Home-Based Services for Troubled Children

By Ira M. Schwartz; Philip Auclaire | Go to book overview
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4
Parent Support and Education Programs: Their Role in the Continuum of Child and Family Services

Robert Halpern

"No, my friend," said Bacon softly, "...If you people were that worried about the children you would build the day-care center yourself and hire the best professional people to work in it, people with experience. You wouldn't even talk about hiring the people off the streets. What do the people of the streets know about running a day-care center? No, my friend, you're investing in something else. You're investing in steam control." -- Tom Wolfe, Bonfire of the Vanities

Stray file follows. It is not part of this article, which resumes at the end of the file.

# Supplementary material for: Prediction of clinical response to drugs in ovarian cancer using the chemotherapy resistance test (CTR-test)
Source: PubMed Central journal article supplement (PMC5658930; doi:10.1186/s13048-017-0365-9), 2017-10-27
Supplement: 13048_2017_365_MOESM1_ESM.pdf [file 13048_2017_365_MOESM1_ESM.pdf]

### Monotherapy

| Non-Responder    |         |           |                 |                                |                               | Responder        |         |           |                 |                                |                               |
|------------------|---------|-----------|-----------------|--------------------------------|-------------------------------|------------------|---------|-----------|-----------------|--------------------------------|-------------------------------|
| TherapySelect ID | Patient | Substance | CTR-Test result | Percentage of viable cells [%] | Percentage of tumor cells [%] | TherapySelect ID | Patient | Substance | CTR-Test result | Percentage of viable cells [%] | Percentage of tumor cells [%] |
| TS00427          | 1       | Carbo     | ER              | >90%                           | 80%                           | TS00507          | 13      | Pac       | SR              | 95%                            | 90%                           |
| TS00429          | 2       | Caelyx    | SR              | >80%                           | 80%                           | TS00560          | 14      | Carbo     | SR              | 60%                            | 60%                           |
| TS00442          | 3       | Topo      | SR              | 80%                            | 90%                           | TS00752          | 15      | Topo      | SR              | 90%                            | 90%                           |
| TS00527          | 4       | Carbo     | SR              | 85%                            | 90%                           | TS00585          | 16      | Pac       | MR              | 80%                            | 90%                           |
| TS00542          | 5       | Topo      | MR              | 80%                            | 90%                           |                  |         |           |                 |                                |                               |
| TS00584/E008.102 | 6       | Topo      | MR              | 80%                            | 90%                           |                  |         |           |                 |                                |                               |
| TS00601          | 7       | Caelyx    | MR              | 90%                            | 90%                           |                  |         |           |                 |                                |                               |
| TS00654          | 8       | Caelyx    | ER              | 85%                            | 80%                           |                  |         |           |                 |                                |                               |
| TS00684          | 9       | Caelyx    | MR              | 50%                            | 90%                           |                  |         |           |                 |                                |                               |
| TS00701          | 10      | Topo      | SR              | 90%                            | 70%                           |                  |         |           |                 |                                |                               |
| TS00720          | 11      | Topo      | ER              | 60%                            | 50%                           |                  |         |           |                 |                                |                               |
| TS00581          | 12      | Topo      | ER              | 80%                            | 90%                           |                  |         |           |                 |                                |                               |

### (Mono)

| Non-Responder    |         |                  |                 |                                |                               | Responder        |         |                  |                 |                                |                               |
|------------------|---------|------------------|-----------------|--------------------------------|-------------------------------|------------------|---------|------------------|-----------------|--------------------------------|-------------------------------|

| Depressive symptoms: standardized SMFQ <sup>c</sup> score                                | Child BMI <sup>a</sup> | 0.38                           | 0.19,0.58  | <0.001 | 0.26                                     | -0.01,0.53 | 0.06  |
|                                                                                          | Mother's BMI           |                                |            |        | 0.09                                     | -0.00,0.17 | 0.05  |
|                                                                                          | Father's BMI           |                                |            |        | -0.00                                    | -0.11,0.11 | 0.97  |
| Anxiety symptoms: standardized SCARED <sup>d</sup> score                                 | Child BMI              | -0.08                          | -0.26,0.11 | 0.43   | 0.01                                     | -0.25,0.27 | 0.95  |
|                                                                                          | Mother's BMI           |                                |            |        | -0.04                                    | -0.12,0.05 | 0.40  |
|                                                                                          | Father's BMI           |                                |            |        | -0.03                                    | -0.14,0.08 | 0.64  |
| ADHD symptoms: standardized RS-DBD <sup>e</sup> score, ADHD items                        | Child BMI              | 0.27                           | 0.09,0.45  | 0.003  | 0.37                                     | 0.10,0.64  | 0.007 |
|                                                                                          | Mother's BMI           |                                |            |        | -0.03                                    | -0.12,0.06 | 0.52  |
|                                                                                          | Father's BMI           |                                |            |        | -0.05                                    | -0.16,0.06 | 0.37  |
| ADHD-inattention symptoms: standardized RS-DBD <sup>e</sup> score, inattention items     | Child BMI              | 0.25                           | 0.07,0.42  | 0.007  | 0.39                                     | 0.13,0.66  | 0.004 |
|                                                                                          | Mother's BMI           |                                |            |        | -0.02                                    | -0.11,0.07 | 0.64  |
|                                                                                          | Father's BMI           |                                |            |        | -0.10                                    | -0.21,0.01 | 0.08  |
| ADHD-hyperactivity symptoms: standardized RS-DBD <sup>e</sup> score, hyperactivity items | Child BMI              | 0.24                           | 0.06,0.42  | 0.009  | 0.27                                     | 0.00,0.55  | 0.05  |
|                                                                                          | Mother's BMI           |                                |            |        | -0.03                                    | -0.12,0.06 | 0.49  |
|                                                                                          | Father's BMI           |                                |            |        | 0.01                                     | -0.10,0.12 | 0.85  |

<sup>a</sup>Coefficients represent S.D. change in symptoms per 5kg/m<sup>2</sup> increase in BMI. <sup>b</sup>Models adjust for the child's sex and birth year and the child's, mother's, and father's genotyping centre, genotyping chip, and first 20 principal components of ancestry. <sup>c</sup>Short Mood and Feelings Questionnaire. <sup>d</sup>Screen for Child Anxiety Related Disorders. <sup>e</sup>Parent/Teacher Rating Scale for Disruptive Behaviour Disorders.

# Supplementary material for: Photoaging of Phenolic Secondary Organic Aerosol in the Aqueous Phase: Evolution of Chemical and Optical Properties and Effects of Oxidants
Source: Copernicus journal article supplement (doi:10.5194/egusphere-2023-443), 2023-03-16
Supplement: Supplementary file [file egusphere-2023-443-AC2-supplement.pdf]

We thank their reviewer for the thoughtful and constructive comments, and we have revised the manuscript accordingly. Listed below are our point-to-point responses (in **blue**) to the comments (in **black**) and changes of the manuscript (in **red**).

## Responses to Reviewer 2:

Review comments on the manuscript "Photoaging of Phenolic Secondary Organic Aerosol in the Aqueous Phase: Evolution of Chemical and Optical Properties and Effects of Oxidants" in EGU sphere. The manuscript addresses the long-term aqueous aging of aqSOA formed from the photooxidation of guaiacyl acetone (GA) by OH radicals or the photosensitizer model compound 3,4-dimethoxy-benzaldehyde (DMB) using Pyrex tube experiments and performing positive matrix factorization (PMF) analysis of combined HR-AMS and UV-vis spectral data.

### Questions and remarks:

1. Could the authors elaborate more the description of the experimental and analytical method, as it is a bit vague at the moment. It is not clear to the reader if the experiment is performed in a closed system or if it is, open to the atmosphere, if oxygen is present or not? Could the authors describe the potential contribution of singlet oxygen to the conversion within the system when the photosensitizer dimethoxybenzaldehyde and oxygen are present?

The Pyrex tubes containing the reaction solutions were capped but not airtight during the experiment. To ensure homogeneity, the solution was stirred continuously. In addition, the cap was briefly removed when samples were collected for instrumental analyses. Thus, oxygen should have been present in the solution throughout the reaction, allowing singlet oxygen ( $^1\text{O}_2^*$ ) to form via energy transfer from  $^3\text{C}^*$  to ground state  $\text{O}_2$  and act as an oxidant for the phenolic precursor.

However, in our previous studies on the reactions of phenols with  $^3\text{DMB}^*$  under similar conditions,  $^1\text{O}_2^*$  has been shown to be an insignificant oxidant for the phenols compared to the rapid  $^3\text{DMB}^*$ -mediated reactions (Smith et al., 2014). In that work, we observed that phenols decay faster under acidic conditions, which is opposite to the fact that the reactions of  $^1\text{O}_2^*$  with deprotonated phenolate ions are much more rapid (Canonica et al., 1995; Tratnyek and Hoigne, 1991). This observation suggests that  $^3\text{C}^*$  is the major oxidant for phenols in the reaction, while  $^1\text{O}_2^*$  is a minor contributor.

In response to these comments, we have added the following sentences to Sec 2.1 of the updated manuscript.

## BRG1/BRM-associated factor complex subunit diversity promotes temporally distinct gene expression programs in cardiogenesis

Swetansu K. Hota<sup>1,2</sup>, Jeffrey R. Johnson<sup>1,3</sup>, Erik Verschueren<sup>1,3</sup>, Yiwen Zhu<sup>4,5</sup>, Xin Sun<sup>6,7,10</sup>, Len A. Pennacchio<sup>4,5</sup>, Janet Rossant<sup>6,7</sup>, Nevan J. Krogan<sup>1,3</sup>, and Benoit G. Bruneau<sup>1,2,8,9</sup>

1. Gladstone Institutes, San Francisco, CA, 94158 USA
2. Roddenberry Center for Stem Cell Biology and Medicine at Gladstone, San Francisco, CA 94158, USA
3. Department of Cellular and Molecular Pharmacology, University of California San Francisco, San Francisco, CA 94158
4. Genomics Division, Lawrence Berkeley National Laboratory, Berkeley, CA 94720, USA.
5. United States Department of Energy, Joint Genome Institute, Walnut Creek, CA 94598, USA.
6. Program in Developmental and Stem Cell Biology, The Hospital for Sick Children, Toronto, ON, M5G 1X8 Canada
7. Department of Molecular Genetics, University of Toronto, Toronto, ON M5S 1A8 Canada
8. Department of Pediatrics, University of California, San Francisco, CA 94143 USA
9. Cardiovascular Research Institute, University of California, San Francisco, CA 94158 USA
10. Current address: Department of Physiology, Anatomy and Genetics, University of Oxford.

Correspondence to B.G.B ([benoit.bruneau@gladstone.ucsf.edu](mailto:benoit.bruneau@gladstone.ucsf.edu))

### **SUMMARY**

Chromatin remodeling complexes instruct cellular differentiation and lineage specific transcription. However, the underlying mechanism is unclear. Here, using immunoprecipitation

Deliberate intervention to strengthen the ability of parents -- particularly low income parents -- to protect, nurture, and guide their children has a long history in the United States ( Boyer, 1978; Grubb & Lazerson, 1982). Whatever the socially defined problems of children in a particular era, inadequate parenting has been implicated as a causal factor. Historically, the principal thrust of efforts to address problems attributed in whole or part to inadequate parenting has been to supplement or compensate for parental care. But there have always been efforts to strengthen such care as well. Examples include the "moral guidance" provided by the nineteenth-century friendly visitors, the settlement workers' advice and assistance in child-rearing matters, and the family casework of the first child and family service agencies ( Lubove, 1968). In this chapter I examine one of the principal strategies to emerge in the current era to strengthen parenting: parent support and education programs for families with infants and young children. These programs provide guidance, assistance, and encouragement to parents, and

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